Austin ISD PK3 Newsletter
From the Director
Happy Marvelous May.
Jacquie Porter, Director of Early Childhood
Welcome to May. May is a unique month filled with lasts and special events. It is also a month of thinking about winding up the year and looking ahead to next year. That can make for some hectic times. With so much happening in May, we want to keep you informed and put vital information at your fingertips so you don't waste valuable time searching for the information you need.
I know you are finalizing plans for summer, so we have included summer professional development offerings within this newsletter. Robbie has included the picture inventory for PK 3 within the newsletter. We must have a signed, returned copy back to our office by May 26 so that we can account for all of our materials. May can be a tough month for young children as the consistent routine that you have developed will sometimes have to be deviated from and will cause some anxiety. We are so grateful to Becky Flynn in our SEL dept for some tips on helping students self regulate.
I am looking forward to Salute!, The AISD event in May where we honor our Teachers of the Year for the campus, Teachers of Promise, Nationally Board Certified Teachers as well as naming our District wide honorees. I know some of you may be being honored from your campus, but I wanted to say to all of our 3PK teachers how grateful I am that you teach amazing lessons everyday. This is our first official year of this program and you all have done an amazing job pioneering an entirely new grade level. You are what makes AISD so incredible. Have a Marvelous May!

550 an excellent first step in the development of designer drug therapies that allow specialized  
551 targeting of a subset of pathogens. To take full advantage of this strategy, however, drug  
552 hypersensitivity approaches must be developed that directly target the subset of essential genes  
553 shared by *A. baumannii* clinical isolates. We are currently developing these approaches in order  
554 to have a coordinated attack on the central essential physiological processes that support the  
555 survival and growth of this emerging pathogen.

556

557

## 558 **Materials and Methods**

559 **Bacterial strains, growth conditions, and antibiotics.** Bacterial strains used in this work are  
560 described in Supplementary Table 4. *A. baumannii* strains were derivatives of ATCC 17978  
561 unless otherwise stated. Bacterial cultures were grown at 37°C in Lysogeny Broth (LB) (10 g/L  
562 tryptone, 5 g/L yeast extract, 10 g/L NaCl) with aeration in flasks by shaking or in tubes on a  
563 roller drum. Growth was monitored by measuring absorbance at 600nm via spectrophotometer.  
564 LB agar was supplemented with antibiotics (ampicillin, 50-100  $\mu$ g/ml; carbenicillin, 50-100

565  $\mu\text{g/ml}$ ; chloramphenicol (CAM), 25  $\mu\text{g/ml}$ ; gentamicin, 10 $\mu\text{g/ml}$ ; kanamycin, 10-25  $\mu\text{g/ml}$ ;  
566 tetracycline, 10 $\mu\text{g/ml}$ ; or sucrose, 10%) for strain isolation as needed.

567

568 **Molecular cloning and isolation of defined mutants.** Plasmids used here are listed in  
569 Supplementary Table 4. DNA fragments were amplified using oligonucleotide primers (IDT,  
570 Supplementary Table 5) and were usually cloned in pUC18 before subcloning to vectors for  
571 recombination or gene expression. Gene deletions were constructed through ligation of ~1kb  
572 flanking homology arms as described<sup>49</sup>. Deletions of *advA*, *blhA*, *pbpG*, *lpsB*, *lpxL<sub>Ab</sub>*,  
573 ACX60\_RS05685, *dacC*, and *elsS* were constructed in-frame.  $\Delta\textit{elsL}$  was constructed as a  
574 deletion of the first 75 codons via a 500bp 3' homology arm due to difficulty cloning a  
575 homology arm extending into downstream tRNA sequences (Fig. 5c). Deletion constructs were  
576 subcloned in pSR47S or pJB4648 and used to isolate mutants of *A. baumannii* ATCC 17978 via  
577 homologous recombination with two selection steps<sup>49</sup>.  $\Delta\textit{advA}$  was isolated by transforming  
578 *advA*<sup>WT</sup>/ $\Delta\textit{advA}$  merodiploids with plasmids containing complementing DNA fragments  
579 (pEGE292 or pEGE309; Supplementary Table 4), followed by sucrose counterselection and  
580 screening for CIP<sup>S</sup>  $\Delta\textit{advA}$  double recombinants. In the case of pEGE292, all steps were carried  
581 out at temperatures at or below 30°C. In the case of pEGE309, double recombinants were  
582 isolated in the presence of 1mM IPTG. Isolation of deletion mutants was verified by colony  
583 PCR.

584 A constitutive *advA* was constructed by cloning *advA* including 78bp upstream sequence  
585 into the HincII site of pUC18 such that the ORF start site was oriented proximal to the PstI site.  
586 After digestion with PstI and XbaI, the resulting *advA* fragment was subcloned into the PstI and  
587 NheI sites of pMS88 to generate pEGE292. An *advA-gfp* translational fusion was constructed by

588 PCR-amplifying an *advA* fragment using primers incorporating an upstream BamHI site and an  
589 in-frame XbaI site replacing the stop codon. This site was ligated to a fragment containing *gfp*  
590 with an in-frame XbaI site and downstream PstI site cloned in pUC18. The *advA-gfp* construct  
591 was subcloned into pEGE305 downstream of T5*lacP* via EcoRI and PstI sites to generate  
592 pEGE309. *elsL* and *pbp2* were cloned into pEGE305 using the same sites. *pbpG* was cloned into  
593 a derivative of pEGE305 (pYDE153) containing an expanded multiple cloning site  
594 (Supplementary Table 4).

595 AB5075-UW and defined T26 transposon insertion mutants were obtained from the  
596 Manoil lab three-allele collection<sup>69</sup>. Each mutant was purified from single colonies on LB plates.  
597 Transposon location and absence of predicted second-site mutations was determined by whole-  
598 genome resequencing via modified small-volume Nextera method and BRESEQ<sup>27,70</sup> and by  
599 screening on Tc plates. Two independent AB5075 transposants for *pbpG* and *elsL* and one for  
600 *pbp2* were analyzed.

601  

News & Information
PK3 Furniture & Materials Inventory
The materials and curriculum that are the foundation of the AISD PK3 program were donated by generous benefactors who believe in the importance of early childhood education. Because of this, we must account for and maintain the materials and furniture in this inventory.
Below you will find a PK3 visual inventory. Please complete the following steps before you leave for the year.
- Before you leave for the summer you must account for all of your materials
- Sign off on the inventory
- Ask your principal to sign off as well.
- Send to me by May 26th.
If there is anything missing, please contact me as soon as possible!
There are several new items that have not arrived yet. They are highlighted in yellow.
Summer Professional Development
Summer Institute Session Descriptions
Free Workshop for Parents!
PROCESS ART IN PK3
Why Process Art?
- A natural source of leaning
- Offers opportunities to express experiences, feelings, and thoughts
- Children learn how to think originally
- Stimulates and develops imagination and critical thinking
- Refines cognitive and creative skills
- Enhances the child's self-esteem
- Supports problem solving skills
- Fosters success and mastery because there is not one right way required!
ART SKILLS UPDATE in the PK GUIDELINES FINE ARTS DOMAIN
There is new wording in the PK Guidelines Fine Arts Domain that helps guide us with our art planning.